Published: May 13, 2014
It will be a free-for-all in cafeterias in Harrison School District 2 starting in the fall. No, not a food fight. A fight against hunger.
Every student in the district will be able to eat breakfast and lunch for free at school, regardless of household income or other qualifiers.
The opportunity comes through a new government program to "improve access to free school meals for high-poverty schools," according to the Colorado Department of Education.
"We're going to give it a try. We believe it is a good offering to our students - breakfast and lunch at no charge," said Tammy Brunnar, supervisor of nutrition services for Harrison D-2.
The district just barely met the requirements. To participate, districts or individual schools must have at least 40 percent of a "student identifier" formula that counts students who are homeless, migrant youth, foster children, Head Start enrollees or those whose families receive food stamps or other federal assistance. Harrison's count: 40.03 percent.
The Community Eligibility Provision is based on policy requirements of the Health Hunger-Free Kids Act of 2010. It essentially will replace the federal free and reduced lunch program within D-2 when the next school year begins, Brunnar said.
While no conditions are placed on the students who take advantage of the service, parents will have to fill out paperwork to register their kids for the free meals.
But "this isn't about qualifying," Brunnar said. "Studies show children who are hungry don't perform as well in school.
"We're really hoping to create a better learning environment for our students."
Harrison normally has a high percentage of students who receive free and reduced meals.
Of this school year's 11,179 students, the average daily participation for free or reduced breakfast is 29 percent and for lunch, 61 percent.
Brunnar said with the new free meals program that's not restricted by eligibility, the district expects to see the numbers jump by an additional 15 percent for breakfast and 50 percent for lunch. If the projections are on track, more than 90 percent of students will eat lunch for free at school in the 2014-15 academic year.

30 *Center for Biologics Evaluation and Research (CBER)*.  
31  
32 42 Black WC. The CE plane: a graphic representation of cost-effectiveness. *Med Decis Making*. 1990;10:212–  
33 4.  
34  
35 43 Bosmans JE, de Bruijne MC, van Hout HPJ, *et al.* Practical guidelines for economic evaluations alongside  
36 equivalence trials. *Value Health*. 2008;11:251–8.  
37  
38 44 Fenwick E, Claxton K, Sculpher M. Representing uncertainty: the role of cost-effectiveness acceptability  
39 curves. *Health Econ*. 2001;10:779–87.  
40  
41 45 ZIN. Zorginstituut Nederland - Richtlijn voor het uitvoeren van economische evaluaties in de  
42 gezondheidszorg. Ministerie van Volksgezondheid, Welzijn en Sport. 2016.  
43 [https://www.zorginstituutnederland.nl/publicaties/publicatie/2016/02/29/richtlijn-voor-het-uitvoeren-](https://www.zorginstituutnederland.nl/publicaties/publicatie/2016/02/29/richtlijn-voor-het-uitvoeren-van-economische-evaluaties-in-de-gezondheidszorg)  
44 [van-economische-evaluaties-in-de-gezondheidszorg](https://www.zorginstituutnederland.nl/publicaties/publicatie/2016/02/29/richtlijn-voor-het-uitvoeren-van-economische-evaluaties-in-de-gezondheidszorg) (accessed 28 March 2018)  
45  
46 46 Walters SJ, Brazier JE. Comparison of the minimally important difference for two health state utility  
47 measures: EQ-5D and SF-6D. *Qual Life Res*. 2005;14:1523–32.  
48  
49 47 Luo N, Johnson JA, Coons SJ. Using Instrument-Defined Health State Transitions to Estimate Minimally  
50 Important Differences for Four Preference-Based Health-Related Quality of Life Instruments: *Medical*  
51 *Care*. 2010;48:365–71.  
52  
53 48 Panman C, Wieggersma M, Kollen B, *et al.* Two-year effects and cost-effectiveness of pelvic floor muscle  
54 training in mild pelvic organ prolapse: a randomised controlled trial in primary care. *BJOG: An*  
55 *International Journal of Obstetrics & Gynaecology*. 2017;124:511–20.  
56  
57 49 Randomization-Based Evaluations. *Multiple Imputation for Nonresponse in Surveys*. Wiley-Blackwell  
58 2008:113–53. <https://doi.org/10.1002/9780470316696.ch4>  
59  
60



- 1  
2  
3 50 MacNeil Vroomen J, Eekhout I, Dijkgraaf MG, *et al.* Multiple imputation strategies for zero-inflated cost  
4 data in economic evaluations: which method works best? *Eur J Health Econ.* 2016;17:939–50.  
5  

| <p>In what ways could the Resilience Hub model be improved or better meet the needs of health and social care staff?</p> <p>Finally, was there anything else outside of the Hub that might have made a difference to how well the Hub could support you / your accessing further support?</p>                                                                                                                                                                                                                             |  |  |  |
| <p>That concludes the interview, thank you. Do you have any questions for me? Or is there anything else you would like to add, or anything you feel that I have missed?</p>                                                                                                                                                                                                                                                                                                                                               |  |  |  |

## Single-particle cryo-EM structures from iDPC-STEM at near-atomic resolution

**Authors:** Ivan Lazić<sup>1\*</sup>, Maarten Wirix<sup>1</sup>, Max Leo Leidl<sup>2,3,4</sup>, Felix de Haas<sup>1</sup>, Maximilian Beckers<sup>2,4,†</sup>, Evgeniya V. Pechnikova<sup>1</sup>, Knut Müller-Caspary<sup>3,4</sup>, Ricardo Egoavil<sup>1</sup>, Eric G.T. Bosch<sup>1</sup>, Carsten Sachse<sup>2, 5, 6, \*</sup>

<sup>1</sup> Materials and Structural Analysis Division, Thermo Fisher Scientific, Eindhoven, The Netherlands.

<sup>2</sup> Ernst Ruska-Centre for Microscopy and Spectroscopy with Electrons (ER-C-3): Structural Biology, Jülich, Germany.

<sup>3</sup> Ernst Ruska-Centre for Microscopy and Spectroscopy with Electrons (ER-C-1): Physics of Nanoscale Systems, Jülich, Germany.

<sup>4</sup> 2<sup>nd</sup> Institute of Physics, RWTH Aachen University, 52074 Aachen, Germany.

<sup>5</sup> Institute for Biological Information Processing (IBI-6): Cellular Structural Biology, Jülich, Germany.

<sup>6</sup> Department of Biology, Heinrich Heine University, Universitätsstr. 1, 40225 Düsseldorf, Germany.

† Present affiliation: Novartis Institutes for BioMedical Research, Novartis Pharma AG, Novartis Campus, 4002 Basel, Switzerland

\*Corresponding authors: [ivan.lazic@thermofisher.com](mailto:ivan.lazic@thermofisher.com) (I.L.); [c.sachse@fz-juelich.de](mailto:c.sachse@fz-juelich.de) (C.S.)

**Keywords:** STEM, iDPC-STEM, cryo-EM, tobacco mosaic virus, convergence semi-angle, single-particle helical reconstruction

The estimated cost per plate for breakfast will be $1.42 and for lunch $2.25, Brunnar said. The cost will be picked up by the CDE.
The program seems like a good idea, said Shannon Gonzalez, the mother of a kindergartner, a first-grader and a sixth-grader who attend schools in D-2. Her children qualify for reduced lunch prices.
"It sounds like an all-around fantastic deal," she said. "Some parents don't qualify for the free and reduced programs but need them."
Although her children haven't eaten school-provided breakfast in the past, they may join the program next year, said Gonzalez, who also works part time in the kitchen at a D-2 elementary school.
"I've wanted to get a full-time job, and this might be the thing that helps me do that, knowing my kids could get free breakfast at school," she said.
The food is good, too, Gonzalez said, with plenty of fruits and vegetables and other nutritious fare that follow U.S. Department of Agriculture guidelines for healthy school meals.
Food service workers will be gearing up to feed the extra mouths, Brunnar said.
"Hopefully, we'll be serving a lot more students, but that's a good thing, not a bad thing," she said.
In December, D-2 began offering dinner to students who stay for after-school activities, but that meal is not included in the new free meals program.